Egypt is holding a presidential election on 26-28 March. The results will be announced on 2 April, with a run-off taking place towards the end of the month if necessary. The current president, Abdel Fattah el-Sisi, is expected to win a second and final term, as all the other candidates bar one were prevented from standing or withdrew following arrest or pressure from el-Sisi. The only ‘opposition’ to the incumbent comes from Moussa Mostafa Moussa, who is an ally of the president and is thought to have only stood to stop the election becoming a farce. While the continuation of el-Sisi’s rule will maintain relative stability in the country, the ongoing corruption and human rights violations by his government will mean that an environment of political and civil tension will continue.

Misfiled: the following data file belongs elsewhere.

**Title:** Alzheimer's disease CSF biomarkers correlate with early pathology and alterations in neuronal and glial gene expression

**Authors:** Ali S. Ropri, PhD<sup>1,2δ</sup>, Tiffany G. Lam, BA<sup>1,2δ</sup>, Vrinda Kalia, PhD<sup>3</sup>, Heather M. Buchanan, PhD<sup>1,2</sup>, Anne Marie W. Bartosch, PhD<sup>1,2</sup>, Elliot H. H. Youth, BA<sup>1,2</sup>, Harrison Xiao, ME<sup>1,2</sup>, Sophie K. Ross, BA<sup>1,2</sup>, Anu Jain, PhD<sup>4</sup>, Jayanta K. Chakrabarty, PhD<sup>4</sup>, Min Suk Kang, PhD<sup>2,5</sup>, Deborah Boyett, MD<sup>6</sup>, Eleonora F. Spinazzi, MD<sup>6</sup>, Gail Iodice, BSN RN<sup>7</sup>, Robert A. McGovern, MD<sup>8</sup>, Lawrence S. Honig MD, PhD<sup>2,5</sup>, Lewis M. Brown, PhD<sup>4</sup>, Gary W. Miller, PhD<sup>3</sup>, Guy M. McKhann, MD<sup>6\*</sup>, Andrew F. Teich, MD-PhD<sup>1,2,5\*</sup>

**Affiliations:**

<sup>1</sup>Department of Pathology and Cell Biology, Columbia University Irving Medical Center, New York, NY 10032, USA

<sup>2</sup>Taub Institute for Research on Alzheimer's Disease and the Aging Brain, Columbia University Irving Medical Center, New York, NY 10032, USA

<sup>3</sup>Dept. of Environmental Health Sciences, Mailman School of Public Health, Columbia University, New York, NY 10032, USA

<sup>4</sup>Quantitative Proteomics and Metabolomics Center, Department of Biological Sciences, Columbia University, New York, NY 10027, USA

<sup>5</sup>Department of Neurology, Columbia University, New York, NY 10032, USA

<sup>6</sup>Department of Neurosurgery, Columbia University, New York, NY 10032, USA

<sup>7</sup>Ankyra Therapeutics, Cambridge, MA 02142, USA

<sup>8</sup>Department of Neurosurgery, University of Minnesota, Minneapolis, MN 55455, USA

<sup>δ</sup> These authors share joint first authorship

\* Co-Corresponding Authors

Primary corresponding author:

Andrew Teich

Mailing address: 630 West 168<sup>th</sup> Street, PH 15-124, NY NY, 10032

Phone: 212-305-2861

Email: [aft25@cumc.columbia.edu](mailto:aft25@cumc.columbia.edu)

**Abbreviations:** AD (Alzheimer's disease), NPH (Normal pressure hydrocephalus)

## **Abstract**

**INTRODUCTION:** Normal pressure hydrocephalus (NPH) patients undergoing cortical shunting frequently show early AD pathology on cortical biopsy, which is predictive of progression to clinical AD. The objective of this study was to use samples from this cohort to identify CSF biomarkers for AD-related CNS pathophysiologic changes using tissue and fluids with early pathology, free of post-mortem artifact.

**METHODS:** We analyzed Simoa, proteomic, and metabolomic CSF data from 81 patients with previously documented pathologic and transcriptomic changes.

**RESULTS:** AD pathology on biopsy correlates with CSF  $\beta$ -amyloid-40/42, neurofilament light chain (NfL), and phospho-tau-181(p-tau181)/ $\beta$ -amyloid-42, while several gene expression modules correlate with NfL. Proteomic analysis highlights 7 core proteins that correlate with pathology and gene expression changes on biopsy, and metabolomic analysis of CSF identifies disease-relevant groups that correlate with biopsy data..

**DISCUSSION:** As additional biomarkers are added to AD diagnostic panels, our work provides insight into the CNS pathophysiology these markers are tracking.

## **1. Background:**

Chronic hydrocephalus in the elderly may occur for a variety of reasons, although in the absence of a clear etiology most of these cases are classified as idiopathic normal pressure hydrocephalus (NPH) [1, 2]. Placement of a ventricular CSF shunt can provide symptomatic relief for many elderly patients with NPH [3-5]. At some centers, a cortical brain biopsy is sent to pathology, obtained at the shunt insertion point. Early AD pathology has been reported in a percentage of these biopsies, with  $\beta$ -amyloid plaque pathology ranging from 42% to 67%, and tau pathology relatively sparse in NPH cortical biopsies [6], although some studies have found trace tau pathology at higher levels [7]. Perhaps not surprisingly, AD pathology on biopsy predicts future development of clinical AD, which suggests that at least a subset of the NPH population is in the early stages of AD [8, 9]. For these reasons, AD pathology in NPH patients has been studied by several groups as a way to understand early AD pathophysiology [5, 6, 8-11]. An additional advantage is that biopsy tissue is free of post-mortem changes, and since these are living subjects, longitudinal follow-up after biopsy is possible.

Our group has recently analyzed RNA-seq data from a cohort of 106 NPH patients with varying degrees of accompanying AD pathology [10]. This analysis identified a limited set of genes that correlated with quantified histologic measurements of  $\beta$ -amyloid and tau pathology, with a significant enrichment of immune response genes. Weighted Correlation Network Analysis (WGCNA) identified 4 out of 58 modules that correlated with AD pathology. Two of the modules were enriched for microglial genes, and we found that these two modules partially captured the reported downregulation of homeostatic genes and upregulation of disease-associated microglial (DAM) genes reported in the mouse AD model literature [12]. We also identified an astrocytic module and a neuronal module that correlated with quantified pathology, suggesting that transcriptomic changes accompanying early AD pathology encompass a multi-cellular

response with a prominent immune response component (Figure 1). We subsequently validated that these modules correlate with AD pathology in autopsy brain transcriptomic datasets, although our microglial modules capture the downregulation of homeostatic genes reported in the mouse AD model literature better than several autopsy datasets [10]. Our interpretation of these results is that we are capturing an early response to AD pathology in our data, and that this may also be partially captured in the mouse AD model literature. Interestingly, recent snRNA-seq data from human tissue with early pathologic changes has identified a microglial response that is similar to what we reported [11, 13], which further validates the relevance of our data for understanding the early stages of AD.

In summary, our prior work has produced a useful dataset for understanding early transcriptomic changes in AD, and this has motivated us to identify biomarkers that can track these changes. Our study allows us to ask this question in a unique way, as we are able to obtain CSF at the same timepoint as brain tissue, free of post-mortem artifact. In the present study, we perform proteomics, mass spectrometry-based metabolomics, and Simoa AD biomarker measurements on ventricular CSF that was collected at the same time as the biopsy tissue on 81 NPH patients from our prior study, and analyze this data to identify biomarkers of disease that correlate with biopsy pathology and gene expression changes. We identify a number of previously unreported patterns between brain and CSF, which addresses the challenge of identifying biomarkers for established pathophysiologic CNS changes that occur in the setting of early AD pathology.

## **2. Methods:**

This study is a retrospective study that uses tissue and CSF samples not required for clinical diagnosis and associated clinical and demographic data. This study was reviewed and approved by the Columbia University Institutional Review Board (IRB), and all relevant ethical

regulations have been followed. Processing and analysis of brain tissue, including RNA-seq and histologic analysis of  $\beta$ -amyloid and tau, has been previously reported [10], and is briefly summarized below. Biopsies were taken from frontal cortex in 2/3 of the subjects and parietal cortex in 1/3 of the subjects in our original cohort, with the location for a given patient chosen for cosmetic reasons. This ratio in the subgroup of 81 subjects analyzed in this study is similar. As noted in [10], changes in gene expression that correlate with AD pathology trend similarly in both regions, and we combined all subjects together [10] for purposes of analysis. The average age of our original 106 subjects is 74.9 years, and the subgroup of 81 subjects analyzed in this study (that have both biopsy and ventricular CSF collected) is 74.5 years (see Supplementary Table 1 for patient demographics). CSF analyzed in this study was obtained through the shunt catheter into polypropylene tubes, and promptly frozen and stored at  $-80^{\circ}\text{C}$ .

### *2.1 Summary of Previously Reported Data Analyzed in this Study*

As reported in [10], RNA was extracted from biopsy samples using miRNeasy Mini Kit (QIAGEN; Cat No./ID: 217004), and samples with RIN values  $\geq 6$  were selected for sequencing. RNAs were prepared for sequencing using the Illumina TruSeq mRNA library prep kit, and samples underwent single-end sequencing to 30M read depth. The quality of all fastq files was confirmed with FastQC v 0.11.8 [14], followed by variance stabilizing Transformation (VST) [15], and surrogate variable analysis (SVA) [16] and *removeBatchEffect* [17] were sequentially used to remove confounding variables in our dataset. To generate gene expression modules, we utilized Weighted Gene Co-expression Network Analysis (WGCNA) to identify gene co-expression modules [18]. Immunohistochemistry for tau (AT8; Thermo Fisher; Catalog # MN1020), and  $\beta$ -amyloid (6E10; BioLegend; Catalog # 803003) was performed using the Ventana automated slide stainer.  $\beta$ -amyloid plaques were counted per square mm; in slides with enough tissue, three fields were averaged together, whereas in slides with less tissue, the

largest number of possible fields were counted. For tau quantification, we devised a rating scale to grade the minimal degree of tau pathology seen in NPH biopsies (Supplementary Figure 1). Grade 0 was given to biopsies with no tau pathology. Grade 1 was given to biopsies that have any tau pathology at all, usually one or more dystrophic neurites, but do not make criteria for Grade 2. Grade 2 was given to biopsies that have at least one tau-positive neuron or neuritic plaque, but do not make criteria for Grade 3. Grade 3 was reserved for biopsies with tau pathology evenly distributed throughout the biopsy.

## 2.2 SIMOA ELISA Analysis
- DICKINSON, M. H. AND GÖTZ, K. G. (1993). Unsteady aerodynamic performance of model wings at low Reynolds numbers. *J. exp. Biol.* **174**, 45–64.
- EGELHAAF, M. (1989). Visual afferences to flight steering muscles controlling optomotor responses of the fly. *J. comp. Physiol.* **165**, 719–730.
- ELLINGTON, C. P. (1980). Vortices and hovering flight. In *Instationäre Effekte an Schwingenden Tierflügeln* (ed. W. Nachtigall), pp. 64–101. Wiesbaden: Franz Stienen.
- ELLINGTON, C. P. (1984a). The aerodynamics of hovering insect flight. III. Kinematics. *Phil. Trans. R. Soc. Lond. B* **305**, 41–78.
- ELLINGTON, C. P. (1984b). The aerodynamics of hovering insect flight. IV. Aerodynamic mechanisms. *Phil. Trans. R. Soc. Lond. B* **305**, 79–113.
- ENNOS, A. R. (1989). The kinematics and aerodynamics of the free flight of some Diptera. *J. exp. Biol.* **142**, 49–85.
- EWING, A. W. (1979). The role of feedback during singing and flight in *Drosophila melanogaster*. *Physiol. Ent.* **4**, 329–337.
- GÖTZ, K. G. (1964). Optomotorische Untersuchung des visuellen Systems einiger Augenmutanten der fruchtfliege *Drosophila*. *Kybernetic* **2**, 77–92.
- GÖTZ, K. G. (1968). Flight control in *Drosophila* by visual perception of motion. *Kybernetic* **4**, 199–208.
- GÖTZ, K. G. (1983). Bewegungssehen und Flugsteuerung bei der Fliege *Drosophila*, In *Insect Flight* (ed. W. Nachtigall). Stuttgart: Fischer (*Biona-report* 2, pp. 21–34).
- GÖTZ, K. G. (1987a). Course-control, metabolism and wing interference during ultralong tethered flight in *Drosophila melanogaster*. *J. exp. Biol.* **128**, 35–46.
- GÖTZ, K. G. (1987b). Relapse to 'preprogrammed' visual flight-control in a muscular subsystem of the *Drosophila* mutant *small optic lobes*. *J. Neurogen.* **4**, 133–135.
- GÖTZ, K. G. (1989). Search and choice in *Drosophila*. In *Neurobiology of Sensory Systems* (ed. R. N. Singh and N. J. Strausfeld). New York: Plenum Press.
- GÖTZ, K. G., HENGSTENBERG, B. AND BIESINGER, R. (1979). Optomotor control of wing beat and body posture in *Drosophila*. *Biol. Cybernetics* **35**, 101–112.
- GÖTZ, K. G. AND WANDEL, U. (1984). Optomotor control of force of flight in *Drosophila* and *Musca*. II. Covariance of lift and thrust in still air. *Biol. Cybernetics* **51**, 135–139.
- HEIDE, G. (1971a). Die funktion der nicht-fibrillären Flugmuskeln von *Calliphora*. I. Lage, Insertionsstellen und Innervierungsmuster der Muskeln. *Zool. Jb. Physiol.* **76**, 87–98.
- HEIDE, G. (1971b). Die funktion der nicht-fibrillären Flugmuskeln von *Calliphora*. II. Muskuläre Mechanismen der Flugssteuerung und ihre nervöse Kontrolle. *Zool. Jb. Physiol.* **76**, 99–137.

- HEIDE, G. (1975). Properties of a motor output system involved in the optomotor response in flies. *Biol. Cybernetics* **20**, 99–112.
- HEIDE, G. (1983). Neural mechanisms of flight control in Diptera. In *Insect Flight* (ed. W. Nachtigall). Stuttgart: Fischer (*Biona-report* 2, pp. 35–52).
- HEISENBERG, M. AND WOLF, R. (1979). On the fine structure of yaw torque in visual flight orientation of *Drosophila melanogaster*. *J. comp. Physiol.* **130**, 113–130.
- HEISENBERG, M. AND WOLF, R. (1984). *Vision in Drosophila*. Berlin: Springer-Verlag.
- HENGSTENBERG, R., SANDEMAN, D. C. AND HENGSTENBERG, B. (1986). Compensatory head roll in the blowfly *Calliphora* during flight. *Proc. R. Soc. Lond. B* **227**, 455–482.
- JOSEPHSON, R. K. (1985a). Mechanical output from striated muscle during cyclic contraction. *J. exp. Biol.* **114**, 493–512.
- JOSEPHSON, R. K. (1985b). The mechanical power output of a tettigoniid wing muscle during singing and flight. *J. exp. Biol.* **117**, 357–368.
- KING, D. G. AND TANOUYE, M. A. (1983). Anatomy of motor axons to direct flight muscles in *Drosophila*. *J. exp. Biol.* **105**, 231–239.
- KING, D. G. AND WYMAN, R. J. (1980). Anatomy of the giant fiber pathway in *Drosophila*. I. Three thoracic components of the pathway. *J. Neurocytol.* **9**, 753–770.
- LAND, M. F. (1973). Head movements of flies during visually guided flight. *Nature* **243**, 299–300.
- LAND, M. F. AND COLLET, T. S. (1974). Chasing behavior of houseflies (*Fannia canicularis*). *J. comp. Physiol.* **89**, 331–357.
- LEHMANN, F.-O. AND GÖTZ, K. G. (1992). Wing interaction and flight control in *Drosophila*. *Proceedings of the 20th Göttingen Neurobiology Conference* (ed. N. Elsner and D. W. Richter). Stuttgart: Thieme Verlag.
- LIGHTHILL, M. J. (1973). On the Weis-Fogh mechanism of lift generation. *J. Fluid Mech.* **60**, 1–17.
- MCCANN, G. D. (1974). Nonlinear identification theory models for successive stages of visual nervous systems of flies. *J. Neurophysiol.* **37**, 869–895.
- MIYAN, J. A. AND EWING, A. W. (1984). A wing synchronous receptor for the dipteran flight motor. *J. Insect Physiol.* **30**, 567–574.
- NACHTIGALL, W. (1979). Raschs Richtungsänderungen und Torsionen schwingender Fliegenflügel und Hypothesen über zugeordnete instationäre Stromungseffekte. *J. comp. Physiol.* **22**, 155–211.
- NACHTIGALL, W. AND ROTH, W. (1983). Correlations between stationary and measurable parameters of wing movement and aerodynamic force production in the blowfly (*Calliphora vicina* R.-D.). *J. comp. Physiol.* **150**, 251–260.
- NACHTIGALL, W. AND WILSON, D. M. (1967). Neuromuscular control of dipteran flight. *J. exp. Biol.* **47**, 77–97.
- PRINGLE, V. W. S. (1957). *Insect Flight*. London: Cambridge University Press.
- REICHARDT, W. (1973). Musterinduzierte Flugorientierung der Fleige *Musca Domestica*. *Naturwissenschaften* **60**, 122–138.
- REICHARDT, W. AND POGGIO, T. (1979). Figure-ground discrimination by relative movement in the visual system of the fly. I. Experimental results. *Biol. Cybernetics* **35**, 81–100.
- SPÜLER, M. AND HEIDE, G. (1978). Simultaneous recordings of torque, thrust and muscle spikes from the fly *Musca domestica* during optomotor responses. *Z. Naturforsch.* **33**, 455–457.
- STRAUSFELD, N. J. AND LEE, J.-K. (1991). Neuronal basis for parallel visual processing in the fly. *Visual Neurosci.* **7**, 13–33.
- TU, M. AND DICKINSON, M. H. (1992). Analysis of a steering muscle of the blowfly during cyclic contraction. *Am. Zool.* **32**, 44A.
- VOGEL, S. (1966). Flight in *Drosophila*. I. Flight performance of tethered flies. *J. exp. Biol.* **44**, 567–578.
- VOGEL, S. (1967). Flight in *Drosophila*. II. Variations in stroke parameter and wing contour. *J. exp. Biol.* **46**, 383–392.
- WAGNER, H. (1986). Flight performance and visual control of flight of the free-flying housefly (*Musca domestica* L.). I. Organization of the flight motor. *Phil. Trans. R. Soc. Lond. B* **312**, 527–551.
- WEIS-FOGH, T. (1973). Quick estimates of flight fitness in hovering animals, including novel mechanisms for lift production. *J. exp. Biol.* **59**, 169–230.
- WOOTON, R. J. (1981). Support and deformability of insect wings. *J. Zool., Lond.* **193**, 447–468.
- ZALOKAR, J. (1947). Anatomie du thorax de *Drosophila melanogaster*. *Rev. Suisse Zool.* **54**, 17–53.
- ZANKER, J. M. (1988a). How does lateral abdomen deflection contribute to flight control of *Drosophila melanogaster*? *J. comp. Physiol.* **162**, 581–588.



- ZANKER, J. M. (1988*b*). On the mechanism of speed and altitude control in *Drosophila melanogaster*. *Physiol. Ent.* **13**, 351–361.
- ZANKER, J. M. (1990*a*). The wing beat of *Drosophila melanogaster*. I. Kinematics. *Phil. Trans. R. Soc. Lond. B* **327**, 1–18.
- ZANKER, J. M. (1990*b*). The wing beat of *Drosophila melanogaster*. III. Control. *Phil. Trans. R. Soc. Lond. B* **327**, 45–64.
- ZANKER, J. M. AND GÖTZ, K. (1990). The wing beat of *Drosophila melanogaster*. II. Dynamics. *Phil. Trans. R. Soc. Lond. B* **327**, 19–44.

Saudi forces shot down several ballistic missiles over Riyadh on 25 March. Houthi rebels fired three missiles on the Saudi capital and four others against the southern cities of Khamis Mushait, Jizan and Najran, which were also intercepted by Saudi air defences. Houthi media claimed the weapons were aimed at airports in Riyadh and the other cities. One person was killed and two others injured in Riyadh by debris from the destroyed missiles. This is the first time that a Houthi missile attack has caused casualties in the Saudi capital. The coalition has accused the Houthis of using Iranian-made missiles and said that it reserves the right to respond to Iran. The missile barrage marks an escalation of cross-border attacks on Saudi Arabia ahead of the third anniversary of the Saudi-led coalition’s military intervention in Yemen’s civil war. The war in Yemen has created what the United Nations considers to be the world’s most urgent humanitarian crisis.